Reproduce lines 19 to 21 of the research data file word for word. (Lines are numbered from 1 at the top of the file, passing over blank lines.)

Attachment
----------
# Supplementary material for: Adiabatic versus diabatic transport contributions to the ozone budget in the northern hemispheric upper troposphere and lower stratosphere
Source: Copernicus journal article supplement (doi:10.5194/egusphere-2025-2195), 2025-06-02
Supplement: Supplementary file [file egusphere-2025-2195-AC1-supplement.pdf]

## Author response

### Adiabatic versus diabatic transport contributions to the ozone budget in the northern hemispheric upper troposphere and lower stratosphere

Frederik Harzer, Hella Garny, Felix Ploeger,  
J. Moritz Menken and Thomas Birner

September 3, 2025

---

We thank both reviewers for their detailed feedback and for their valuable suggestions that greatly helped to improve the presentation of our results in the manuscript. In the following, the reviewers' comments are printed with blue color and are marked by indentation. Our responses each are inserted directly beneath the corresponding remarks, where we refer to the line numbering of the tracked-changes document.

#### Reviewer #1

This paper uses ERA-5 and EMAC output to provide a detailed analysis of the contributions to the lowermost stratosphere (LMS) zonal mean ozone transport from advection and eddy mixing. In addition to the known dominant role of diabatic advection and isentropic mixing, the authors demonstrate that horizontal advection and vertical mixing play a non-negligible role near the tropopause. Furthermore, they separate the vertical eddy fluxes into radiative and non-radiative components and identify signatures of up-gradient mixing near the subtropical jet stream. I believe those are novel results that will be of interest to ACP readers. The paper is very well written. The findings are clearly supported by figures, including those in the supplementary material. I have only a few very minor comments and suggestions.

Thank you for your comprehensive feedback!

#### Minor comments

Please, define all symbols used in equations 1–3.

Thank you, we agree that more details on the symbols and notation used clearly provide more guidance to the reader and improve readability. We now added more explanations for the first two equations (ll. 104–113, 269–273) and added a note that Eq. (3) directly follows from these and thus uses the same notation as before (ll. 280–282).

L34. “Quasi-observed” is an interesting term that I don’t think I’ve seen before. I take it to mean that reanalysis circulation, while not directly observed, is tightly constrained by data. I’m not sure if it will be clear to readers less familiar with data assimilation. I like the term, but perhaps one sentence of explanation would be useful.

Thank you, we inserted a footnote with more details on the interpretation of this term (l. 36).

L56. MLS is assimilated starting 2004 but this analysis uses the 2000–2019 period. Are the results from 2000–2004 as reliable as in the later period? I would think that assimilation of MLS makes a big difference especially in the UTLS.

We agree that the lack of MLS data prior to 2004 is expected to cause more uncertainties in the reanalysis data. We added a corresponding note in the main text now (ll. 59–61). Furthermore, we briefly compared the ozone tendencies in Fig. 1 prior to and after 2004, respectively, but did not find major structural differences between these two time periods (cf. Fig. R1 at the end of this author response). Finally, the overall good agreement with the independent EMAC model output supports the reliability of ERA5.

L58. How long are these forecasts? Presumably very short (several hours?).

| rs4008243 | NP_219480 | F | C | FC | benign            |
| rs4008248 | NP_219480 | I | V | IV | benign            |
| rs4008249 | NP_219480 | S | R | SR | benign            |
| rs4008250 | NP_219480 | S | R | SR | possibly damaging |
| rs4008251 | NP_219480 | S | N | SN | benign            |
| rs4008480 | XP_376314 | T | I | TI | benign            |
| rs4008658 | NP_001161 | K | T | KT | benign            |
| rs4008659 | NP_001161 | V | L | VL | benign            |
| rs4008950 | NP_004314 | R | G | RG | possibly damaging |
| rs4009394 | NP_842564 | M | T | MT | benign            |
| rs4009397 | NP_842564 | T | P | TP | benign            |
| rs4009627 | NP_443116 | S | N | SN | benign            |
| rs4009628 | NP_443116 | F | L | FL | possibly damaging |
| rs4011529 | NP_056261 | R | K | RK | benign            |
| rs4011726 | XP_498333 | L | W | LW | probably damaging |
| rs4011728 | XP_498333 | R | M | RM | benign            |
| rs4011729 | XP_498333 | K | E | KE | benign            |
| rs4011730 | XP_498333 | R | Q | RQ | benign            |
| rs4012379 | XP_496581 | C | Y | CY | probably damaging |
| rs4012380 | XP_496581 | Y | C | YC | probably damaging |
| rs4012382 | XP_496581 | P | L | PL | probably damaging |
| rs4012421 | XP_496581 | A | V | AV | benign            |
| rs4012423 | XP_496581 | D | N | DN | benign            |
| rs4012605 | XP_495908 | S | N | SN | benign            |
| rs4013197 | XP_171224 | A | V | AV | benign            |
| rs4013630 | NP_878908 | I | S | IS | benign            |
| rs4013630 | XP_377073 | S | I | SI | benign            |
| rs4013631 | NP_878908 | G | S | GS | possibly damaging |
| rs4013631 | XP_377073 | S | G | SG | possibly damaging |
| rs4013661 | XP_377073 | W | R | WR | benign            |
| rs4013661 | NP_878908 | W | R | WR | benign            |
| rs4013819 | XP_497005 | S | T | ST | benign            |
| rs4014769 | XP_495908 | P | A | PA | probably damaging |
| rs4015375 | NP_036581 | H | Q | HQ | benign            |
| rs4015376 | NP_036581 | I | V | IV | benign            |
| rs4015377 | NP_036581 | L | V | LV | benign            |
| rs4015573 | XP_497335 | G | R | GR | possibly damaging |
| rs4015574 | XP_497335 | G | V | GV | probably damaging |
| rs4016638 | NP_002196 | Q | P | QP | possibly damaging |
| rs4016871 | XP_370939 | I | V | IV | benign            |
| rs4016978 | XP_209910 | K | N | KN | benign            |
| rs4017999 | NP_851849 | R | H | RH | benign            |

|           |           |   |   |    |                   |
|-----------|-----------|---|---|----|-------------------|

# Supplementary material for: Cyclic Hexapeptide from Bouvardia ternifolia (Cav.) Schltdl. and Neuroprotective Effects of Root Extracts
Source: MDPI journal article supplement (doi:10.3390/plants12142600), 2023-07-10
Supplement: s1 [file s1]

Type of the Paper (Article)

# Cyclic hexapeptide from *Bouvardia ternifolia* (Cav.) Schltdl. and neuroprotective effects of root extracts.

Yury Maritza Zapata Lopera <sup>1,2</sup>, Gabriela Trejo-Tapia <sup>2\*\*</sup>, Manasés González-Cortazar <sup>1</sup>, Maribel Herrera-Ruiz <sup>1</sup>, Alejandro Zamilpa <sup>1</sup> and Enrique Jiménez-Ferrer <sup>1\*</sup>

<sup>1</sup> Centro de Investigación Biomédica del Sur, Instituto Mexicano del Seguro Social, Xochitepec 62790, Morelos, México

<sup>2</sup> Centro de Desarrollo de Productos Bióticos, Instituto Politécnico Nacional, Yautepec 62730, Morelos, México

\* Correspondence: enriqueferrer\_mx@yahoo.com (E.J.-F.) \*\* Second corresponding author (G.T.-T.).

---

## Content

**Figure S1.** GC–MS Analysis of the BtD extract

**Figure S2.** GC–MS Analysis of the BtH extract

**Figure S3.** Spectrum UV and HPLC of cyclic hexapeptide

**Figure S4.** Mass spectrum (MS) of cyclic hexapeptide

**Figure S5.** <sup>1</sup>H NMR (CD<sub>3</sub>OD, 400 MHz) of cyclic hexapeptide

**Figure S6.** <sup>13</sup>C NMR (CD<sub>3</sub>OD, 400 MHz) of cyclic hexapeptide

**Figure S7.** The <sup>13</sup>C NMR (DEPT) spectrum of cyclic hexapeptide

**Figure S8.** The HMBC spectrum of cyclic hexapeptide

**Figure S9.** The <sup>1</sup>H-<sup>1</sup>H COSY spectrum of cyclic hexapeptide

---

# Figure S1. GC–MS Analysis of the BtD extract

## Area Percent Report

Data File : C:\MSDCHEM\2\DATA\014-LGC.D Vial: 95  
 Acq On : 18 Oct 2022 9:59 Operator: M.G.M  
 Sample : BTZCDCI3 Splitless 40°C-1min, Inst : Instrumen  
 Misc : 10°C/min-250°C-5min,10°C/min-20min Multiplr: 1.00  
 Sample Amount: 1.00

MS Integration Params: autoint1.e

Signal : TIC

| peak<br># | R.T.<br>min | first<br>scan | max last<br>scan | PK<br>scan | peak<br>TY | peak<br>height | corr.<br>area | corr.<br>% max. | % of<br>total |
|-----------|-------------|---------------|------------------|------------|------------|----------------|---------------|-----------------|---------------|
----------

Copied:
L56. MLS is assimilated starting 2004 but this analysis uses the 2000–2019 period. Are the results from 2000–2004 as reliable as in the later period? I would think that assimilation of MLS makes a big difference especially in the UTLS.

We agree that the lack of MLS data prior to 2004 is expected to cause more uncertainties in the reanalysis data. We added a corresponding note in the main text now (ll. 59–61). Furthermore, we briefly compared the ozone tendencies in Fig. 1 prior to and after 2004, respectively, but did not find major structural differences between these two time periods (cf. Fig. R1 at the end of this author response). Finally, the overall good agreement with the independent EMAC model output supports the reliability of ERA5.

L58. How long are these forecasts? Presumably very short (several hours?).